Google the author and you cannot be surprised that she spends a lot of time promoting activist groups that are campaigning against the use of UAVs.  Had she been a reporter these groups would certainly have been written about in a dedicated chapter but it would have been presented as just another aspect of the subject.

Do I recommend the book?

Absolutely.

There are so many details revealed that were surprising and frightening that I am thankful for being made aware of it. The next time I cross a border I will be sure to look up to see what is looking down on me.

Medea Benjamin - https://en.wikipedia.org/wiki/Medea_Benjamin

Medea Benjamin co-founded the anti-war group Code Pink: Women for Peace - http://www.codepink.org/

Medea Benjamin


Monday, February 27, 2017

Wikileaks by David Leigh and Luke Harding - Book Report #171

This book lined up nicely with The Next 100 Years, once again proving how the world of geopolitics strives to keep the world "safe" by maintaining the balance of power that benefits the United States.

Julian Assange is an interesting person, certainly intelligent and also just a bit strange.  That said, he had a cause he believed in and he pursued the release of classified documents with care.  He employed The Guardian, The New York Times and other publications to vet and publish the documents in a safe manner.  It was chiefly the newspapers that insisted and carried out the redaction of names and details that could possibly put innocent peoples lives in danger.

Obviously what Assange wanted to do was to expose the questionable actions of the United States and other countries.  What was surprising was how unsurprising the details were.  Perhaps we've been conditioned to expect these kinds of dirty deeds from the movies and books but it is sad and depressing to discover the truth of it.

It was interesting to discover how this level (governments and geopolitics) of society operates.  They seem unstoppable but with whistle-blowers like Assange and Snowden light is shined onto these secret dealings and perhaps change can be made.

Ultimately I just found the knowledge of this kind of power and how it is expressed, depressing.  We will never - ever - progress as a species if we keep killing and suppressing each other.

Being a science fiction reader I am constantly surprised how all we do is look at ourselves and all of our attention is focused inward and just on this planet.  If we could turn our gaze to the stars we'd discover that we are very much alone in the wilderness and need each other.  Imagine the possibilities for advancement if we focused our energies on expanding outwards.

By reading this kind of stuff I realise that we are very far away from the future of my imagination.  Thank God there are people like Elon Musk and Peter Diamandis who are trying to blaze trails despite how the world is run today.  These guys are the true visionaries.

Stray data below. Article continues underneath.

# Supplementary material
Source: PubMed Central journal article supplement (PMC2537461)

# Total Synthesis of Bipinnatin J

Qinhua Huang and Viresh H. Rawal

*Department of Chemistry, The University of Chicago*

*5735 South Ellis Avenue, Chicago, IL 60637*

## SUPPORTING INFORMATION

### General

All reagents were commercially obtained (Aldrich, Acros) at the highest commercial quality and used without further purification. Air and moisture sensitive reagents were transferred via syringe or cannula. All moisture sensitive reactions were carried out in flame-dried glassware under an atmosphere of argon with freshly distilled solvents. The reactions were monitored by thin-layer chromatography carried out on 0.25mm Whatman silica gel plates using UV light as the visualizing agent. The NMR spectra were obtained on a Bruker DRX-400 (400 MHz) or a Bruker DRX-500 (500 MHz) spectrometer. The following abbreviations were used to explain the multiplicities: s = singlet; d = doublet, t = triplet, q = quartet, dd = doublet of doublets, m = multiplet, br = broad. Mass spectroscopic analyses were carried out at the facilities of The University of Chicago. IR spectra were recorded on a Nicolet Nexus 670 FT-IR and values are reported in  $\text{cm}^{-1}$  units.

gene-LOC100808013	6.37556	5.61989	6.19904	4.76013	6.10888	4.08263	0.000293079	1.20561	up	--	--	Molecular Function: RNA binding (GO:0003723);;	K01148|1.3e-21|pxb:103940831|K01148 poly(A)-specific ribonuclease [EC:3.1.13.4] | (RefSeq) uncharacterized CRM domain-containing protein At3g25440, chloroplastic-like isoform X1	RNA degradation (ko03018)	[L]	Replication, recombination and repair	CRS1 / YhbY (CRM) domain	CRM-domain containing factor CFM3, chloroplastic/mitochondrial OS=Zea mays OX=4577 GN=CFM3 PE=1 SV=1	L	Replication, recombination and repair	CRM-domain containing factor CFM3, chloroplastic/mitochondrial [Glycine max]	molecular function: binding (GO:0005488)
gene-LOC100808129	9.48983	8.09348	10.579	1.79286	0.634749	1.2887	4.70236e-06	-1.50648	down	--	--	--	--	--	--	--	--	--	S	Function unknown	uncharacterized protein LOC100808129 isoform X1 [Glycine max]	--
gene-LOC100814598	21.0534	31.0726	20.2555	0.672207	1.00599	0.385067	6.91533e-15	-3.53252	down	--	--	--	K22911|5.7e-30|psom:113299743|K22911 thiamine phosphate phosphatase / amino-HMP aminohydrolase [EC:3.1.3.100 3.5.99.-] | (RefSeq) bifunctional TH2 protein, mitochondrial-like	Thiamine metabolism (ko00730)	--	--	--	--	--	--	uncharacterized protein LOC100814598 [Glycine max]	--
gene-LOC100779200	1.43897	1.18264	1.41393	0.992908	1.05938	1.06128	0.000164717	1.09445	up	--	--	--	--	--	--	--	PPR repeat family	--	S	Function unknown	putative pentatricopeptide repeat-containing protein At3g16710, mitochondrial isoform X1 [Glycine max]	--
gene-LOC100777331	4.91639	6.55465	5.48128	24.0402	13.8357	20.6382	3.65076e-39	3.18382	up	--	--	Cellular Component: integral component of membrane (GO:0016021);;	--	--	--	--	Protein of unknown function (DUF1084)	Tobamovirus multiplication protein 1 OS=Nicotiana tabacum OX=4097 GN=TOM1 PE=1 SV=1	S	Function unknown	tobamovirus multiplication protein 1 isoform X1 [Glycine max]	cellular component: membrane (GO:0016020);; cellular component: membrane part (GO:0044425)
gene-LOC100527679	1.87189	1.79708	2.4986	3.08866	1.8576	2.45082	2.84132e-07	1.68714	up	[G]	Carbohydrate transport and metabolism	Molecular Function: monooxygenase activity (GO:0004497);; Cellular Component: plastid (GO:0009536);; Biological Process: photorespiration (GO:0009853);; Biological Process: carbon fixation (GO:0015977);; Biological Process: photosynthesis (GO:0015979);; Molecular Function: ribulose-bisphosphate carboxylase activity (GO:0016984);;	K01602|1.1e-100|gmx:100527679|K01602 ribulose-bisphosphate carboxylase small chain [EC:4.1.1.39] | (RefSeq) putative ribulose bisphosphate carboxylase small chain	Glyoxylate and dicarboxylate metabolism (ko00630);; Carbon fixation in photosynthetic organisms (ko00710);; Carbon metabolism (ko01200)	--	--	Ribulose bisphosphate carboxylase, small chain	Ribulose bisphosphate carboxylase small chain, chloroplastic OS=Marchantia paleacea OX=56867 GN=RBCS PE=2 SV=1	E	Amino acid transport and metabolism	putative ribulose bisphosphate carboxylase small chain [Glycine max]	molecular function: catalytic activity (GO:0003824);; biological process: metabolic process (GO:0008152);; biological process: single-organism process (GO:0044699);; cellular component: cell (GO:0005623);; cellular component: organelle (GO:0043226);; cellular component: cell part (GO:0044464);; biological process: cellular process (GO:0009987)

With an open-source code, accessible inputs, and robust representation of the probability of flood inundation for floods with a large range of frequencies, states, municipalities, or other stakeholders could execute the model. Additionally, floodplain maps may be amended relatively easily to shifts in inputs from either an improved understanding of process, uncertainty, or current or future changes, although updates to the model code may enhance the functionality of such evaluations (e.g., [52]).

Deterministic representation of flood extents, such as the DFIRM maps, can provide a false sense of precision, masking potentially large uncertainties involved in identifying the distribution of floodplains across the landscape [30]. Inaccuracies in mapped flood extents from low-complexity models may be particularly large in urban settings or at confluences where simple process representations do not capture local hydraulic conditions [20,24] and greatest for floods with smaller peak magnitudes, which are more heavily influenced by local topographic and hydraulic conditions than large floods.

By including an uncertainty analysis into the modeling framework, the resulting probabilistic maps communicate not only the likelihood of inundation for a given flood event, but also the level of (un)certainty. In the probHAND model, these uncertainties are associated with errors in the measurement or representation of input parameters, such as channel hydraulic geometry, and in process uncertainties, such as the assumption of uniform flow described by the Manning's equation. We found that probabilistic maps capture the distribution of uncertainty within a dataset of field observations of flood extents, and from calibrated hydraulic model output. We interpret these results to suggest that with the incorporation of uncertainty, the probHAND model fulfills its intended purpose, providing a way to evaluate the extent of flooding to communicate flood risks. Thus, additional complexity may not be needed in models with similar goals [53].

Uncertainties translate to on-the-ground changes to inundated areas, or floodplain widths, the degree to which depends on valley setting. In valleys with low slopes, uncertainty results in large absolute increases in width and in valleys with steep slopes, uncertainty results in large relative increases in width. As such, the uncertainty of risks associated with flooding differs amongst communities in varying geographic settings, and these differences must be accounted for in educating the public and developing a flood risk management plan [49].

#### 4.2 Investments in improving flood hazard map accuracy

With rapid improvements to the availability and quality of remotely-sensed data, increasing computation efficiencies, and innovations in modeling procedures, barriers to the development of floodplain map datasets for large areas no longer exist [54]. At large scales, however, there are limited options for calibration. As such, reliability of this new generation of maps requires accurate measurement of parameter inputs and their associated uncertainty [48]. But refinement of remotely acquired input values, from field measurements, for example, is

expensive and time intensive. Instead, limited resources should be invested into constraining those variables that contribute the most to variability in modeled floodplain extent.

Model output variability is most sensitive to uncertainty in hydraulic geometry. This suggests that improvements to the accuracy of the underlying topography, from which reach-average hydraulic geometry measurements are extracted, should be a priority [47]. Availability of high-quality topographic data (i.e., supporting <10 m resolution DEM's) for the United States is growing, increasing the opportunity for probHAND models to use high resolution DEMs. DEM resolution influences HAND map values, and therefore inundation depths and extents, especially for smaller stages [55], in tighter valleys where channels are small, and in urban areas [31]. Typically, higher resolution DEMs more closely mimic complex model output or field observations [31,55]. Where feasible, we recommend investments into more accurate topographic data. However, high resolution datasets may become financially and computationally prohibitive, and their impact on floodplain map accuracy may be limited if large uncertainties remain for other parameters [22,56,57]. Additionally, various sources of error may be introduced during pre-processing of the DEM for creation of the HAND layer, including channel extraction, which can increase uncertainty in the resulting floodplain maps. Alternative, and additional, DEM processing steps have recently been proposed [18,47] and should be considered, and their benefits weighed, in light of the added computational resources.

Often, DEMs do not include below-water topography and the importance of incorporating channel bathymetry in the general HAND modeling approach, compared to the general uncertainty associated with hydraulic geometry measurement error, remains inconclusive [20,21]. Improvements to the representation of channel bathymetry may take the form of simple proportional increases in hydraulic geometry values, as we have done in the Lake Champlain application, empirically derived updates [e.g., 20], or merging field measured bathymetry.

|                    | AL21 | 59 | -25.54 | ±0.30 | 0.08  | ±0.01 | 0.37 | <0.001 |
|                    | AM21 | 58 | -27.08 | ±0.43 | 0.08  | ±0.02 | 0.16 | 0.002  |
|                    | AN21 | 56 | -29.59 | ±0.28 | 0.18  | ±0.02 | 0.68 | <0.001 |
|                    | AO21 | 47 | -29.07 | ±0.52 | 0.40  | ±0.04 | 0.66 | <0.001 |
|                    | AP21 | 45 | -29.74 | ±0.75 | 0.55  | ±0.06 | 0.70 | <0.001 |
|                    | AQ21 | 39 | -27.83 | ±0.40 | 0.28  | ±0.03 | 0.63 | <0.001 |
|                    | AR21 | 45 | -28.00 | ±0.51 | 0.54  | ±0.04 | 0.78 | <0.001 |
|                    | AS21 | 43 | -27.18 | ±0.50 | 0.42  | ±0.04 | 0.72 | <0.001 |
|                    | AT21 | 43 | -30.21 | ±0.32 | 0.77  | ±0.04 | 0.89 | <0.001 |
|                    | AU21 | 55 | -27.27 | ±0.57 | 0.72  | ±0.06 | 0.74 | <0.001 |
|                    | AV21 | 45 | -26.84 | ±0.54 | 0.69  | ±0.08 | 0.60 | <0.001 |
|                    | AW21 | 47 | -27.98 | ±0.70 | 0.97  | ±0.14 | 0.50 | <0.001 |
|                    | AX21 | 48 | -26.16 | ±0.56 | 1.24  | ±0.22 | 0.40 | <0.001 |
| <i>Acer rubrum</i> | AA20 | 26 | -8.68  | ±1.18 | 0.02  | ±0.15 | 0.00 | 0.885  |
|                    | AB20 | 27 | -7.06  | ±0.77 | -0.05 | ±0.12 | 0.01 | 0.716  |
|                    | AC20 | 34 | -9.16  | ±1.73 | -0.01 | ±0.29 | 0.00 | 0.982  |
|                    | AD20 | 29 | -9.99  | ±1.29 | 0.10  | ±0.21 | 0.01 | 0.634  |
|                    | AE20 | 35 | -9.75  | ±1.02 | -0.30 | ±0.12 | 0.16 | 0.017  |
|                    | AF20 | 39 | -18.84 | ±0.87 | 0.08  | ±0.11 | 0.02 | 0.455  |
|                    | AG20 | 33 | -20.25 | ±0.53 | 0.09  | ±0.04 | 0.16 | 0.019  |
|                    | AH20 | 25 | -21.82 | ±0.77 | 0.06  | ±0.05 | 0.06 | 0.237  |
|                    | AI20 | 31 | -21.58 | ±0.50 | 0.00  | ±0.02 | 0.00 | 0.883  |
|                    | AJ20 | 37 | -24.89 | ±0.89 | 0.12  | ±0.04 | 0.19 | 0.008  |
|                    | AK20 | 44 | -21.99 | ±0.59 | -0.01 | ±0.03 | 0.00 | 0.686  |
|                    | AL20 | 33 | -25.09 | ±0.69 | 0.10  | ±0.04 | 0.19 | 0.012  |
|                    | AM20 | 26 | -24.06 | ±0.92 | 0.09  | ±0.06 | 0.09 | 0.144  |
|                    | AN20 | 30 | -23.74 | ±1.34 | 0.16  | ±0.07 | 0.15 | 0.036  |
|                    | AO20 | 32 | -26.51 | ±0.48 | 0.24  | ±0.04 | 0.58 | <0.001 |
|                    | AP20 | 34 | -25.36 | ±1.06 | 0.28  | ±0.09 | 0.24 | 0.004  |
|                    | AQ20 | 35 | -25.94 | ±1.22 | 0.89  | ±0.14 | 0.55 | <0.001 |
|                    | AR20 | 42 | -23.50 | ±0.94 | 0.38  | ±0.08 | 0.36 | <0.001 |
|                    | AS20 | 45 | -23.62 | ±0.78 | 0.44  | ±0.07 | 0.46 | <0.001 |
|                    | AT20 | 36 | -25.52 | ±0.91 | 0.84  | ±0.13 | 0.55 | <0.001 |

Is it worth reading?

Yes.  If anything it should motivate people to help change the world in any way they feel best.  Protest, invent, live, change - anything will help to inspire others and to erode this backward and power-hungry world.

David Leigh

Luke Harding

Monday, February 20, 2017

Star Trek: Titan - Sight Unseen by James Swallow - Book Report #170

Meh.

I mean.  It was okay.

Two things worked against this novel; first, I read it in little bits for over a month.  It was read to fill the time at work, when waiting for a late truck to arrive; in the car, parked, while waiting for my wife to emerge from work and in the grocery checkout line.  So I never gave it a sustained reading.  That said, I never had trouble flipping through a few pages days after the last time I'd read it.

Second, this book is deep into the post-TV and post-movie era of TNG.  Most of the books are tightly interwoven and many characters have moved on, been promoted or reassigned so it is sometimes hard to catch up.

In the case of the Titan series, I think I read the first one, which came out in 2005.  Riker was then captain of his own ship.  This new book was published 10 years later and now Riker has been promoted to admiral.

The strange thing here, in Sight Unseen, is that Riker, being an admiral is still on board the Titan.  This is also the first mission since his promotion so there was an interesting tension between the new captain and Riker.  But this felt a bit forced, having not read the previous book in the series, and odd since it seem unlikely a new admiral would stay on board the very ship he used to be captain of.

This book expands from a previous episode of The Next Generation TV series, where Riker and other crew members of the Enterprise were abducted and experimented on by beings who live in subspace.

Well now they're back and abducting entire ships.  First they attack a vessel from a non-Federation species and then a Federation star ship that was sent to help.   Now Titan is sent to investigate and save the universe.

The first half of the book read like a lot of filler since the plot of the book was a cookie cutter story.  It only became interesting when Titan and her crew force their way into subspace to confront the baddies and rescue their missing Starfleet officers and destroy the threat.

The other factor that was in play here, that took away from my enjoyment of the book, is the series itself.  There is so much going on and dependent on having read the previous books that it becomes daunting to invest in them.  That is less a flaw in the author's story and more an aspect of reading tie-in books to begin with.  They are meant to reward the dedicated reader over the casual or new one.

And that is okay.  It's just that you can feel it while reading.

I don't know.

It was okay.

James Swallow - https://en.wikipedia.org/wiki/James_Swallow
and - http://jamesswallow.blogspot.ca/
and - http://www.isfdb.org/cgi-bin/ea.cgi?James_Swallow

James Swallow


Monday, February 13, 2017

The Next 100 Years by George Friedman - Book Report #169